Foods high in trans fats increase levels of harmful LDL cholesterol in the blood and decrease beneficial HDL cholesterol. LDL cholesterol causes a build-up of plaque in your blood vessels, which can increase your risk of heart attack or stroke. On the contrary, HDL cholesterol can have a protective effect and help remove this plaque build-up.

This makes trans fats a hazard for heart health, and they have also been linked to other health problems. Many countries have banned foods that contain more than 2% of this type of trans fat.

Margarines previously contained trans fats until their harmful effects on heart health were discovered. Most soft margarine spreads in Australia now have little or no trans fats.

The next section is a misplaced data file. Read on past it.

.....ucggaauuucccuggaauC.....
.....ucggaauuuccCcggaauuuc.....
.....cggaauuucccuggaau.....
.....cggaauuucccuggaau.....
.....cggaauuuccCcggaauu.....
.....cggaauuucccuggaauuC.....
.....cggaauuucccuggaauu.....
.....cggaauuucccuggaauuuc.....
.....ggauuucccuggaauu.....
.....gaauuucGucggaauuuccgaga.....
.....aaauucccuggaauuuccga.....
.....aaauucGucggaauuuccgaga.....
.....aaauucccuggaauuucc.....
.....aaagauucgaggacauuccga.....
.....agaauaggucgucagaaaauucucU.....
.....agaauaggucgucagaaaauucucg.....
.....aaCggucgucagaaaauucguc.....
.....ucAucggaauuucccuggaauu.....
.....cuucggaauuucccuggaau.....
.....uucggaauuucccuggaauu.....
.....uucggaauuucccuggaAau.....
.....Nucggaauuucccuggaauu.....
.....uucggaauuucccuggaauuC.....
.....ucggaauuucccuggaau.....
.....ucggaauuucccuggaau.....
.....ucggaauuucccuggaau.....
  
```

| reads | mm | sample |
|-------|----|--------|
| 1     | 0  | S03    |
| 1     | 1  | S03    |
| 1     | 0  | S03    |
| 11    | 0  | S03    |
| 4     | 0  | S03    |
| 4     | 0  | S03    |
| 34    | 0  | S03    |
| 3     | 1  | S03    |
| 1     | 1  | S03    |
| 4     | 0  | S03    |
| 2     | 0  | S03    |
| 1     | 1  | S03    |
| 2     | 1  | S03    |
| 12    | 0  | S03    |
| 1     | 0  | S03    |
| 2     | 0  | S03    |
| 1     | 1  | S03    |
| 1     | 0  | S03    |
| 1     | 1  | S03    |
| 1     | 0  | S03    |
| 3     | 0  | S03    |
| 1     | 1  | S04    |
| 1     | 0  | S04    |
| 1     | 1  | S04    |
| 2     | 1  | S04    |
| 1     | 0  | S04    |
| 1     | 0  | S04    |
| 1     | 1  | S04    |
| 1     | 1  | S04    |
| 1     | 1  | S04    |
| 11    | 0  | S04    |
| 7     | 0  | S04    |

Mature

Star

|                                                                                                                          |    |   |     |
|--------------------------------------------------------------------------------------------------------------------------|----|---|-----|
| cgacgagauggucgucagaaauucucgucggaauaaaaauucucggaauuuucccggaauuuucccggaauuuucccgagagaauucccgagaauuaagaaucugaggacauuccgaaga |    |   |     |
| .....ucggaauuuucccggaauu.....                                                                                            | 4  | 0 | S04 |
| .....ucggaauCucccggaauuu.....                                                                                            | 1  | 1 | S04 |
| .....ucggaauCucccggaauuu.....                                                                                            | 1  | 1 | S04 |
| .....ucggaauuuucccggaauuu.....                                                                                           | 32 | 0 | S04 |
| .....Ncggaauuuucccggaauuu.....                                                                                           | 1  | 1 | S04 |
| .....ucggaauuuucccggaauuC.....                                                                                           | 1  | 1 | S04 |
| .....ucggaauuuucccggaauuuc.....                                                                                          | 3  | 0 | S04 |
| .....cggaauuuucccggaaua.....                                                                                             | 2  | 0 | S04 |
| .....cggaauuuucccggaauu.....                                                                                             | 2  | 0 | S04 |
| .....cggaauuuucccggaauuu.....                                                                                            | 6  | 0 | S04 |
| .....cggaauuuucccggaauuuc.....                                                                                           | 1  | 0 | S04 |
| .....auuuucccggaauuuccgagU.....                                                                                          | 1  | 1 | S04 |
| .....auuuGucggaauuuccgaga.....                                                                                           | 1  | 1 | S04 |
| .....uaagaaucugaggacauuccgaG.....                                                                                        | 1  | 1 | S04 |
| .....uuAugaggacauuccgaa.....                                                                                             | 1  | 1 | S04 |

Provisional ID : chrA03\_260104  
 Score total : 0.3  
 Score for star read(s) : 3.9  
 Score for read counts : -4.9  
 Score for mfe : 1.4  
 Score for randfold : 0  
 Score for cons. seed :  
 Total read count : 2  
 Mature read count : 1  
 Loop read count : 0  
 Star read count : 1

Trans fats still occur in take-away foods fried in ‘solid’ cooking oils, and are also found in some donuts, pies, pastries, cakes, biscuits and crunchy snack foods.

Check food labels for trans fats which may be described as ‘hydrogenated or partially hydrogenated vegetable oils’. Trans fats also occur naturally in small amounts in animal foods, including butter, beef, lamb and some fatty fish.

Plant sterols

Plant sterols are found in a range of plant foods. They are cholesterol-like components that help limit the amount of cholesterol your body absorbs from the food you eat. Including foods that contain plant sterols may help reduce your body’s cholesterol levels. Plant sterols are found in:

  • fruits, vegetables and legumes
  • nuts and seeds
  • breads and cereals (some breakfast cereals are fortified with plant sterols)